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The electron
c'est froid!
Aimant

The electron

Electrically charged particles

Atoms in a crystal of mercury; J. BobroffA solid consists of a very large number of atoms regularly piled up and forming a repetitive pattern, kind of like kitchen tiles or a Rubik’s cube. Each atom is composed of a nucleus surrounded with several electrons.

The main difference between an insulating material and a metal is that in a metal, the atoms enable one or several of their electrons to move freely.

You could imagine that a metal is some kind of huge pinball game where small electrons move between gigantic atoms and bounce off them. However, quantum physics taught us in the 20th century that this image is not a good analogy.

Electrons in a solid, J. Mercier, CNRSIndeed, at the subatomic scale (we are talking in billionths of a metre), all particles follow the rules of quantum physics, which means they are both a particle and a wave.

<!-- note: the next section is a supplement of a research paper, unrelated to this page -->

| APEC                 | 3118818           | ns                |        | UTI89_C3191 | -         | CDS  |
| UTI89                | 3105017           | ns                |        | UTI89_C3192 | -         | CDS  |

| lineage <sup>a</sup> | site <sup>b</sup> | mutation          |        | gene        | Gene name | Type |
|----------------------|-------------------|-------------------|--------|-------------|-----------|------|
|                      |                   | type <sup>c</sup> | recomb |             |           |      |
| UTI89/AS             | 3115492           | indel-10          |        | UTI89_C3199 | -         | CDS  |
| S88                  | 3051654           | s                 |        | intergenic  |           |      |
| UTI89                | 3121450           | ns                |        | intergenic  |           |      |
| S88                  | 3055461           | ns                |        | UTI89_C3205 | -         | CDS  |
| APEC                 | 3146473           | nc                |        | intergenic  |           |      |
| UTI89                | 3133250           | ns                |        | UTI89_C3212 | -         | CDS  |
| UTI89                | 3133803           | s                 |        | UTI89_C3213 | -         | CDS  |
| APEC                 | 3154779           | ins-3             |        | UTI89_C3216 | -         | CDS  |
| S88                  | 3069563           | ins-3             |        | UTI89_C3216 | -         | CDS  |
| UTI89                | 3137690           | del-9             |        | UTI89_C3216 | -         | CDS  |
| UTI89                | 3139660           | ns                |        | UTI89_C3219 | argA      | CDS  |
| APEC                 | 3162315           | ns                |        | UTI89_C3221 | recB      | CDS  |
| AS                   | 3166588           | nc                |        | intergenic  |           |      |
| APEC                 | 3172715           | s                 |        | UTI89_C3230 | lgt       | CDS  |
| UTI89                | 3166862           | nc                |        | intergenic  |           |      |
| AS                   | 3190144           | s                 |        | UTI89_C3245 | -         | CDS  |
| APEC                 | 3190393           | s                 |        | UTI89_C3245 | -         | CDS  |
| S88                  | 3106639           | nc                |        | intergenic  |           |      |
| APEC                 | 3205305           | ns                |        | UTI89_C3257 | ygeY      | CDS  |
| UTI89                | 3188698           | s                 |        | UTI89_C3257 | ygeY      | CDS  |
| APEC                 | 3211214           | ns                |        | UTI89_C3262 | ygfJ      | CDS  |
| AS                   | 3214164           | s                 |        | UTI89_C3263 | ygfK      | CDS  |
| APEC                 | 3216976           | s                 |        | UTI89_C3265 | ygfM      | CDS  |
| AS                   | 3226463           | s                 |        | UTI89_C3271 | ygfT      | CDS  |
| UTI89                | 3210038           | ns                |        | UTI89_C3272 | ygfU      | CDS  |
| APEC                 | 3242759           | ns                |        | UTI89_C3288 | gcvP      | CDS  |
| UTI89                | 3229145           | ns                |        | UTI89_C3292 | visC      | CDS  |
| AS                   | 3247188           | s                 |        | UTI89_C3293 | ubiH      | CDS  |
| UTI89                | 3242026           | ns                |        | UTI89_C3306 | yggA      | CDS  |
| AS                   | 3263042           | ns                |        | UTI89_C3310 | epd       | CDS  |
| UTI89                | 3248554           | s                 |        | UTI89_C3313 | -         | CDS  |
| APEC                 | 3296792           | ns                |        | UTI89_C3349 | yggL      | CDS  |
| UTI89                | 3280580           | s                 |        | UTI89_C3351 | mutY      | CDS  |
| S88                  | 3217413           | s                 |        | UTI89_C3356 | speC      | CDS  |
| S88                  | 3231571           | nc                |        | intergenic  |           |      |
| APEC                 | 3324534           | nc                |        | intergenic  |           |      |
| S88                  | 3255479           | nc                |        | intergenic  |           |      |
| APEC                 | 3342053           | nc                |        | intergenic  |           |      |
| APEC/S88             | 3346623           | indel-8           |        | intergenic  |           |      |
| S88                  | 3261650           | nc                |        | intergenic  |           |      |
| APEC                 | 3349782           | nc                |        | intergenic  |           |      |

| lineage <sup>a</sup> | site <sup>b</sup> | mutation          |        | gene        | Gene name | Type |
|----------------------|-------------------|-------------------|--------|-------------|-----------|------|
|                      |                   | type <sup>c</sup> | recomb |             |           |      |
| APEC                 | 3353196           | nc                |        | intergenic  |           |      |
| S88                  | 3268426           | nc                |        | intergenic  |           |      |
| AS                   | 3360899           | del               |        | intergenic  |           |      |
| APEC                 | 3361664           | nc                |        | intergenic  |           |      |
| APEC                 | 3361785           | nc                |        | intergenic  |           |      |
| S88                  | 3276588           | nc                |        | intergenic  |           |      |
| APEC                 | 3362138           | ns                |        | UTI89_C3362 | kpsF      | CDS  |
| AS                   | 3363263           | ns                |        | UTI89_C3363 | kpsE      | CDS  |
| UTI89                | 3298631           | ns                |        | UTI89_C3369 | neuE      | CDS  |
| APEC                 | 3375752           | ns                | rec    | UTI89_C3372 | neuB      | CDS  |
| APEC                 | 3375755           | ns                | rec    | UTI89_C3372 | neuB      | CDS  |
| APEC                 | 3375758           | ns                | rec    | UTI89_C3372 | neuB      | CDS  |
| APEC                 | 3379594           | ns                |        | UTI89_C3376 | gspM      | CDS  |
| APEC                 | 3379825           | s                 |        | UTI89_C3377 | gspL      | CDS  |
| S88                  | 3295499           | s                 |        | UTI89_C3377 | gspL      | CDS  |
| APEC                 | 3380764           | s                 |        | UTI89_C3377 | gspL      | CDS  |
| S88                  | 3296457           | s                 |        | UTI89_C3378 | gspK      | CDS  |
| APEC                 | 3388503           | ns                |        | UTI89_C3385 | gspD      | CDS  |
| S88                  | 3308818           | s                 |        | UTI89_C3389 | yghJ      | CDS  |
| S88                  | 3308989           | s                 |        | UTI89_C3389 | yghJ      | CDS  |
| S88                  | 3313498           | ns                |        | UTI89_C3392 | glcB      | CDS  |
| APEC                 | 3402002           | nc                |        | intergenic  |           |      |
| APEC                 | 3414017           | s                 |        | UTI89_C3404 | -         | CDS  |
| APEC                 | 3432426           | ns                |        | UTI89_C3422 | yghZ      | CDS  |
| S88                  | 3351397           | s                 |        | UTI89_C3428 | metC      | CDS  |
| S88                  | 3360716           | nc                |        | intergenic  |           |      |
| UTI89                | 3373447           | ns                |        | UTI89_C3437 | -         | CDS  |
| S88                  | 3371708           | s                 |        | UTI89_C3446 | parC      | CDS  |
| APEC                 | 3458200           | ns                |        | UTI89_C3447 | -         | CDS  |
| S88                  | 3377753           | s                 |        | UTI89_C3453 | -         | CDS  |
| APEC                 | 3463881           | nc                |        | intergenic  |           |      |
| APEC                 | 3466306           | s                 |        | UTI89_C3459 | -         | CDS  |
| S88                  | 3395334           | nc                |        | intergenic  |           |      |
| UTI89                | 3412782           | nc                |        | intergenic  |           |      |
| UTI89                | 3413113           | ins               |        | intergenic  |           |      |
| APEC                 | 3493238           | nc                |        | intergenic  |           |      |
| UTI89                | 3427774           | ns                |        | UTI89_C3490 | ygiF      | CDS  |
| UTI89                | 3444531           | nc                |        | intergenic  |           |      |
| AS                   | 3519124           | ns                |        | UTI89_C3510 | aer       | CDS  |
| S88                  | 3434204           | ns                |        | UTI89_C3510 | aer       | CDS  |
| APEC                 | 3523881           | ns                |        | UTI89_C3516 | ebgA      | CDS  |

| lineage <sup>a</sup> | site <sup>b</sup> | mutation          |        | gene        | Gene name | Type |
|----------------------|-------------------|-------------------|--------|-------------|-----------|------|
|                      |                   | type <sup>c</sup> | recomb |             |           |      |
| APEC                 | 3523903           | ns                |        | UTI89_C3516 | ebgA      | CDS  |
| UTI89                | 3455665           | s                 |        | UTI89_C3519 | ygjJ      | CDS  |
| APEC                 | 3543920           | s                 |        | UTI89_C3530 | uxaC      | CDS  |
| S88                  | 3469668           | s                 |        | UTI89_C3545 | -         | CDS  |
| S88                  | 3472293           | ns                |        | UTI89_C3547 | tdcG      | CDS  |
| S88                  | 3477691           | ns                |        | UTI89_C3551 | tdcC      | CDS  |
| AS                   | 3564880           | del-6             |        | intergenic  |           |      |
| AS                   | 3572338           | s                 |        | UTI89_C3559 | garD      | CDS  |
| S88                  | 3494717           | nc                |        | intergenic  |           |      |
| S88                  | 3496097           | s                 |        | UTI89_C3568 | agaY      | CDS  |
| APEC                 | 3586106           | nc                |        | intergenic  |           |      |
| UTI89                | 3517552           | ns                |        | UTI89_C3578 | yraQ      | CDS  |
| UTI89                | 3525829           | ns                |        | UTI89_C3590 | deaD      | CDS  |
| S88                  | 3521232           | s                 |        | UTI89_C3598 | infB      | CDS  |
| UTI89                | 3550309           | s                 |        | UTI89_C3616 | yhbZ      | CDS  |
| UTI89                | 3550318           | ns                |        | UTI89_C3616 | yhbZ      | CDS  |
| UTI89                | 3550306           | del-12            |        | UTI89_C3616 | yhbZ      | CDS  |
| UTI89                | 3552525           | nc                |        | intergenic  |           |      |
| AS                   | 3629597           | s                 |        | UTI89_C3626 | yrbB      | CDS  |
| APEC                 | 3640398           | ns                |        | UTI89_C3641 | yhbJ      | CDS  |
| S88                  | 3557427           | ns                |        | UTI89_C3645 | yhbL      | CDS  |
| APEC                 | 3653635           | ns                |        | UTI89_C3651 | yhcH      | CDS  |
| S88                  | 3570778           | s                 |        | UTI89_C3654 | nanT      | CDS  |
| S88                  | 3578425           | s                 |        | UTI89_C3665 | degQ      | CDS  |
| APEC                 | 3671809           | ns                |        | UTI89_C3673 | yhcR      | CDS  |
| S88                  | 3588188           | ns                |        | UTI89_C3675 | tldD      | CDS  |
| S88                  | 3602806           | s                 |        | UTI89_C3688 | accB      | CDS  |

In the case of an electron: it is, at the same time, an electrically charged tiny ball and a wave spreading through space, kind of like a wave in the sea.

This wave adapts to the regular pattern formed by the atoms and adopts a profile which has the same period as the atom pattern. This is what we call a Bloch wave. It enables the electron to move without being impeded by the atoms, even if the latter take a lot of space and almost touch one another.

CNRSSociété Française de PhysiqueTriangle de la physique
Pied de pagehey ! C'est un bord arrondi ?
c'est froid!
CNRSSociété Française de PhysiqueTriangle de la physique